Another important step in the history of our relationship with the World Bank and WFDD was the meeting with African leaders in Nairobi in 2000. A major goal for that meeting was to help people to understand economics, to appreciate the practical things that shape the world.
Another important moment that Gordon Brown referred to often during his time in office as chancellor of the exchequer and prime minister was when members of the G8 meeting in Birmingham (1998), woke up on the second morning to find the hotel surrounded by thousands of protesters—largely church goers, demonstrating for the very poor. That was, he said, a significant wake up call for G8 leaders who realised the depth of concern as well as the focus of church people, alongside other groups.
You speak often of Gordon Brown. How did and does he view the role of churches and of WFDD?
Gordon Brown was even more committed to engaging with the churches than Tony Blair. My relationship with the government was transformed when he was Chancellor. He regularly used the breakfast slot to meet with a wide range of individuals, including senior religious leaders and NGOs, at his official home at number 11 Downing Street. I attended often and was impressed by the commitment he showed and his serious engagement with development issues. He was totally behind us on WFDD. Tony Blair was also, and both supported us on many public occasions.
Some argue that the work on debt was the central issue for churches, and debt relief the main accomplishment. Did you see it that way?
No. The Jubilee Movement was part and parcel of all that was going on during that period in the United Kingdom, and it was also related to our national discussions about how to bring people out of poverty. But debt was one of the most popular topics on the church agenda. It added a moral dimension to the issue of development but it made the answers seem too simple: forgive debt, then everyone could get back to work, and everything would be wonderful. This sometimes meant that, in both the U.K. and beyond, wider issues such as the role of education, job creation, health, gender, and so on were overlooked or minimised.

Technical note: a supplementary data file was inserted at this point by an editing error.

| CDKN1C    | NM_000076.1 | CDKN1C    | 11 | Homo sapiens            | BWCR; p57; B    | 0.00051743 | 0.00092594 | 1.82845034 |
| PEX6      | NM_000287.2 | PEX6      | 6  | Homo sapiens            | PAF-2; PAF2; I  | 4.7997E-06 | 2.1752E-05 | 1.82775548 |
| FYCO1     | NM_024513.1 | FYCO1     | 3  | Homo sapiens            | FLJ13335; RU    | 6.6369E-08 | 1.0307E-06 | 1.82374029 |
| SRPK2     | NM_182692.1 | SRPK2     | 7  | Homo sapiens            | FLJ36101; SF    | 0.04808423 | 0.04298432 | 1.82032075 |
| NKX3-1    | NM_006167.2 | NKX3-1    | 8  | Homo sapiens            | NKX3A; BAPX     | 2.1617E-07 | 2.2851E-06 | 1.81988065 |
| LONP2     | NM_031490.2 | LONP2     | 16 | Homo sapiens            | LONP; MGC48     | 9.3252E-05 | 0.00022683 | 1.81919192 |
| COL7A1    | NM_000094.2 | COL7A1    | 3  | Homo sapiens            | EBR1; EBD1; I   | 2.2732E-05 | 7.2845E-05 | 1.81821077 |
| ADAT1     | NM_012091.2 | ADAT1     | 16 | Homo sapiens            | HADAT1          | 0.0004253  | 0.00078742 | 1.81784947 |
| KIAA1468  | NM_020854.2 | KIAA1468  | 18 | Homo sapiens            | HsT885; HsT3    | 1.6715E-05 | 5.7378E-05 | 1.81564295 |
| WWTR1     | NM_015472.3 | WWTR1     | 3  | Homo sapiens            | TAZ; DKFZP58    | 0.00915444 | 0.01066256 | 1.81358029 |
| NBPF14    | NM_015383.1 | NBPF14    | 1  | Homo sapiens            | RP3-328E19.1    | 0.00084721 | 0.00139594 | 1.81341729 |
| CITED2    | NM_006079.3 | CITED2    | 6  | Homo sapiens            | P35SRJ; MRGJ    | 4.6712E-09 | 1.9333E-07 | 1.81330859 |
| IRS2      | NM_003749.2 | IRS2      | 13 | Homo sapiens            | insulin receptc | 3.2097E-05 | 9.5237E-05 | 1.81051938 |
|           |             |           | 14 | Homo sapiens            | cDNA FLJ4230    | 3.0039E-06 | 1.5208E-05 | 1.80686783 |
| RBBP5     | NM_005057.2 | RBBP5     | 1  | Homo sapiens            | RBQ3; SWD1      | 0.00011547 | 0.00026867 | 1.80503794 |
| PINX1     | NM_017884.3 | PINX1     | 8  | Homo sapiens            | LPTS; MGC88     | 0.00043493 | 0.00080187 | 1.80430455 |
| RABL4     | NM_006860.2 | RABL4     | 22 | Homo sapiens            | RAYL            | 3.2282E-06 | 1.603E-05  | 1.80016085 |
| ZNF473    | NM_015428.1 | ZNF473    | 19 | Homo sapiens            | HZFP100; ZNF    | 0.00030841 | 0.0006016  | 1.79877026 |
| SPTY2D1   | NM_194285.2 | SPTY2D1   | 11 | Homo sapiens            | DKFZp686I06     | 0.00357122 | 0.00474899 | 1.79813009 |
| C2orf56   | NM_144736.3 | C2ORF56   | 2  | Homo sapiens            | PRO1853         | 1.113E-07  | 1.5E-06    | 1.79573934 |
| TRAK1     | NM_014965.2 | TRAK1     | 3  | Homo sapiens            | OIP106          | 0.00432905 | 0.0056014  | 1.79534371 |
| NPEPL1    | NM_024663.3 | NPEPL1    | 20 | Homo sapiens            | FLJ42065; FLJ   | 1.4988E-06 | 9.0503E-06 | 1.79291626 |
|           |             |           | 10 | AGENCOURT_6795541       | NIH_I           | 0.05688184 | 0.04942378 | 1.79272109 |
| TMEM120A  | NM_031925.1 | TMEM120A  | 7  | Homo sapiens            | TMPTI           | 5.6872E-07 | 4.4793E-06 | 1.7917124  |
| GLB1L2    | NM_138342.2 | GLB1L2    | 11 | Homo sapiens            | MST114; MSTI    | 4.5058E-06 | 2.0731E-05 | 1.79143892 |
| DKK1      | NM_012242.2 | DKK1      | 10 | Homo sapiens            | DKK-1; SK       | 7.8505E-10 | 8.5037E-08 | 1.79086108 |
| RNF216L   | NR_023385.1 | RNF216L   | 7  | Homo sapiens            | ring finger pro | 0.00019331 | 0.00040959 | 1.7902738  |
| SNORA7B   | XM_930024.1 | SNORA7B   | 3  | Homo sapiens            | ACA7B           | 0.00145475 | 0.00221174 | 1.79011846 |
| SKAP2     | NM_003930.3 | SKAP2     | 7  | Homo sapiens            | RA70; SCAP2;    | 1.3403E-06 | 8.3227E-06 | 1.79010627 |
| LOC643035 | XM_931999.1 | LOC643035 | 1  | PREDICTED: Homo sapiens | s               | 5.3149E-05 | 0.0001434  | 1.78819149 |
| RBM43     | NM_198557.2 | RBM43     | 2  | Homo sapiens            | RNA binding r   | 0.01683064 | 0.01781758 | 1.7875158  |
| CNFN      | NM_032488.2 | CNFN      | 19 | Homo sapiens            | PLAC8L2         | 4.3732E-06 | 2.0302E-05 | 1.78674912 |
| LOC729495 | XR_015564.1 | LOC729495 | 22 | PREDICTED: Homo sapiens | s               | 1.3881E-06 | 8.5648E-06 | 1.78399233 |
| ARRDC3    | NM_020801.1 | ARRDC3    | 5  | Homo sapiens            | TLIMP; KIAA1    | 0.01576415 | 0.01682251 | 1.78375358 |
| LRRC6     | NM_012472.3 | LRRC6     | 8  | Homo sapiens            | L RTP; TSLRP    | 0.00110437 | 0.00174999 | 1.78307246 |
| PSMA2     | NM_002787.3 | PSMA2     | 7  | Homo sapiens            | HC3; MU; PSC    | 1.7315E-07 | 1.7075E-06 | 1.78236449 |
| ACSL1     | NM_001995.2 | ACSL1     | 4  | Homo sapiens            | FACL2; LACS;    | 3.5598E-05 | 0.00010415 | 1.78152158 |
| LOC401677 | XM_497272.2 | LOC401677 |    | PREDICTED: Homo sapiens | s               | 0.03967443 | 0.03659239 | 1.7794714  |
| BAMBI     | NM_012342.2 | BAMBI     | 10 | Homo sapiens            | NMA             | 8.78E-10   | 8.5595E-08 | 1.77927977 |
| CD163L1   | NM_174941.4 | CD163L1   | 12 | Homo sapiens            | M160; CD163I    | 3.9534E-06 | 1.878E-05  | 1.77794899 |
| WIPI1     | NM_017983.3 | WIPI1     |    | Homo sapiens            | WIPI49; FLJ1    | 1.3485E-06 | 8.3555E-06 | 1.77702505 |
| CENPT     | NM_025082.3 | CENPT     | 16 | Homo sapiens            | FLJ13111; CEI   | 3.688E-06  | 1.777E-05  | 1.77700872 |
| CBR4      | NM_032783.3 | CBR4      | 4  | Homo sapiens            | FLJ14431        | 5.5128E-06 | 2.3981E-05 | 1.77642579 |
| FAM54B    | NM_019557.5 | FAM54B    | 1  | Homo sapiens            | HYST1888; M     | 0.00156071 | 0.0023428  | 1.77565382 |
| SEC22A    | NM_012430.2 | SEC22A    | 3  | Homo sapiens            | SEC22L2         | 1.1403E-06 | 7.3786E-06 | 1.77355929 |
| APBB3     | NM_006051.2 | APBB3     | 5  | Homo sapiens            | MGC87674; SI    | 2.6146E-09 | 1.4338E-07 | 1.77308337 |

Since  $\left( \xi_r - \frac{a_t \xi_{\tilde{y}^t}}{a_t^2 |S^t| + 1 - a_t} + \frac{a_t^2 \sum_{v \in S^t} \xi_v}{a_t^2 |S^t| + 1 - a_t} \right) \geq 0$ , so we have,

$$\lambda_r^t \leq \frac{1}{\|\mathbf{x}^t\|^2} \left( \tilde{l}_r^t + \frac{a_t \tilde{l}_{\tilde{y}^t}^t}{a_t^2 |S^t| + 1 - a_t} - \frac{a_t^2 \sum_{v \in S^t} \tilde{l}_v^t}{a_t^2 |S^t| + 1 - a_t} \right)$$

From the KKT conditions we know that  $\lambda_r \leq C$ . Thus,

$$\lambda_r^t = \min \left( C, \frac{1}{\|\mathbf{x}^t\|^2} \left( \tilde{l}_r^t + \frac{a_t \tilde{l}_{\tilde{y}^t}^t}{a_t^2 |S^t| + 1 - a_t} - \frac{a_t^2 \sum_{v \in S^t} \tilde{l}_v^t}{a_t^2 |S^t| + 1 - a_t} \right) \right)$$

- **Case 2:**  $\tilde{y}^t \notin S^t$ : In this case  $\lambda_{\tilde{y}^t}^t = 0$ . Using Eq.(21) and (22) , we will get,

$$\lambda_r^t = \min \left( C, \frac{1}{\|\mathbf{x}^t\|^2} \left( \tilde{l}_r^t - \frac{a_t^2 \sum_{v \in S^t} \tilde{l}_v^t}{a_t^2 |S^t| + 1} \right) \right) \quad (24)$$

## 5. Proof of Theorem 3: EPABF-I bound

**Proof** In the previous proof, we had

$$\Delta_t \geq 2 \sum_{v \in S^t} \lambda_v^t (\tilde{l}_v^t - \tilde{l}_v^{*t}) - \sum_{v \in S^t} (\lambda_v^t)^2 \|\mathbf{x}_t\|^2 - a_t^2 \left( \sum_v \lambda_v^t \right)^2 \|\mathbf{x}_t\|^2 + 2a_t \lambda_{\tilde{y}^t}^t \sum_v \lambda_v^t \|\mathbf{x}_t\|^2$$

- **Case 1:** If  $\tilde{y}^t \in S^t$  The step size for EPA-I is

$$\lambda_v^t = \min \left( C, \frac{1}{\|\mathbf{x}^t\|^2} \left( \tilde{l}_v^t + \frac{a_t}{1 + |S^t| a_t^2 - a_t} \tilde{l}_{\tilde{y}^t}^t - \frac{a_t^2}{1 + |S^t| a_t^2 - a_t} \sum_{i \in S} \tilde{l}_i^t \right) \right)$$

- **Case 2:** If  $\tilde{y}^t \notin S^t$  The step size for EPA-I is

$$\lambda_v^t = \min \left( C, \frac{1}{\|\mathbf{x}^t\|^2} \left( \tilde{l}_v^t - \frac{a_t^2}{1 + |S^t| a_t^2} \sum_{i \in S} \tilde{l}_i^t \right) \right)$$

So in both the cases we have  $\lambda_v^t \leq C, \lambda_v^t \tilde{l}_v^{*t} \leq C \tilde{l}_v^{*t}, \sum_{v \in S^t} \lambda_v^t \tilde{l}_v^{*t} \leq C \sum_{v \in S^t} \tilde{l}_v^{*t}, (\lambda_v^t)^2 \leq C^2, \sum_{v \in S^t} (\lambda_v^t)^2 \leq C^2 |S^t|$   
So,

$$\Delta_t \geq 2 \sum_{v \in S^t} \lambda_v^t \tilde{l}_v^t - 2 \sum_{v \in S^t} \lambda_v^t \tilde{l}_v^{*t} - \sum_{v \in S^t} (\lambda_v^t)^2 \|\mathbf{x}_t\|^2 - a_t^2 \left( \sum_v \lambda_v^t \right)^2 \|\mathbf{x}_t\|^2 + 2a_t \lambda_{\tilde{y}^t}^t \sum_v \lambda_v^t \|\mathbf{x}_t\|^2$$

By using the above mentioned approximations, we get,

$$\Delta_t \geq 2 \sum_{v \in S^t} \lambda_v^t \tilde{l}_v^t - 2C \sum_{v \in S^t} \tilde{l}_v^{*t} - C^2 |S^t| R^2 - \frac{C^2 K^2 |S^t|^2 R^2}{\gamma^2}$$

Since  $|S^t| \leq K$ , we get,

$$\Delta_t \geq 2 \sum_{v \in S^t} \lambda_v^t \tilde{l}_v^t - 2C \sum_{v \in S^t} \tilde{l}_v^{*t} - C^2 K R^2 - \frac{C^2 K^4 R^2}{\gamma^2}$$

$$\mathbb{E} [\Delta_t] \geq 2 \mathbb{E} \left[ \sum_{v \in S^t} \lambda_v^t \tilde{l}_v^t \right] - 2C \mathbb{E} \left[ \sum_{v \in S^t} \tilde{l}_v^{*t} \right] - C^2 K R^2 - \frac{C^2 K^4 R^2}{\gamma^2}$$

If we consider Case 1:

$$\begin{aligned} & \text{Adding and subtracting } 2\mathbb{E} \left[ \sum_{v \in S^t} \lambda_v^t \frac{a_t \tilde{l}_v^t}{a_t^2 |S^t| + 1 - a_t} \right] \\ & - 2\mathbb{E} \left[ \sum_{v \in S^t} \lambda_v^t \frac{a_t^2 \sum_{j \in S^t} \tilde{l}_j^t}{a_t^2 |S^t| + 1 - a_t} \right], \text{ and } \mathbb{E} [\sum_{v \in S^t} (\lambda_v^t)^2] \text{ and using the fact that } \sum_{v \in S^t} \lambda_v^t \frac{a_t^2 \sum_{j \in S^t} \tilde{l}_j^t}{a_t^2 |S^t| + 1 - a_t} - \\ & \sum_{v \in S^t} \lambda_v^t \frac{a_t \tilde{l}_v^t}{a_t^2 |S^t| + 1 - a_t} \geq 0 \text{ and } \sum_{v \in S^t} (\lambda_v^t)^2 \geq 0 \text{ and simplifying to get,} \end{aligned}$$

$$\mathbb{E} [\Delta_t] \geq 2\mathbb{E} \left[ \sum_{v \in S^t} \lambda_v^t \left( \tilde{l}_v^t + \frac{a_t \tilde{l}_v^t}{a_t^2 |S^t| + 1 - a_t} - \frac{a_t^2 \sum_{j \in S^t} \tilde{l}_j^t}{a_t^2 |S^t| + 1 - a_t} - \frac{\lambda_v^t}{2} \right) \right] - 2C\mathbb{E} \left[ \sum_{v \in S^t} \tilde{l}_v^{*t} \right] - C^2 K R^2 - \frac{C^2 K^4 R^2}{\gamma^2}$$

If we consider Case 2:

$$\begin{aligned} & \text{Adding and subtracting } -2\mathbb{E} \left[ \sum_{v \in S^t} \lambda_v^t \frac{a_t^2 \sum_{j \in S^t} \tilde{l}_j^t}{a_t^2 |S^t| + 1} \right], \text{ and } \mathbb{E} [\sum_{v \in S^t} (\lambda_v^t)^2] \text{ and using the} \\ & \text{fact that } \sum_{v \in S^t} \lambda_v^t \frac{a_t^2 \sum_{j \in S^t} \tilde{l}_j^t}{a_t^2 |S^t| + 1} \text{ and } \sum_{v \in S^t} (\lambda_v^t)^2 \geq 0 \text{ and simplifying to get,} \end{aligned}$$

You were deeply involved in the Alexandria Process. How did you see that linking to your work on development?
Most people involved in development realise that peace, and especially peace in the Middle East, is a constituent element in the work of bringing people out of poverty.
The impetus for my own involvement in the Middle East process began around 2000, during a visit to Israel. The situation at the time was in a mess. I recall that the presiding bishop of the U.S. Episcopal Church at the time, Frank Griswold, was planning a visit to the Holy Land, but because of a deteriorating political situation, pulled out. After a phone call with Bishop Riah of Jerusalem, I agreed that Eileen and I would pay a brief visit. The Archbishop of Armagh accompanied us. I remember visiting the prime minister of Israel, and we had a tough and frank discussion. I emphasised the concern that we shared for all in the ‘Holy Land’. This raised an interesting outburst from the prime minister. “Yes,” he said, “You Christians may call it the Holy Land, but for us Jews it is the Promised Land.” That was an amazing admission! Here was a secular Jew claiming the land belonged to Jews because it was God-given. It brought home to me the large differences in expectations, and how very difficult the prospects were (and remain). However, this meeting was one of the reasons why a year later I was approached to help an unusual initiative.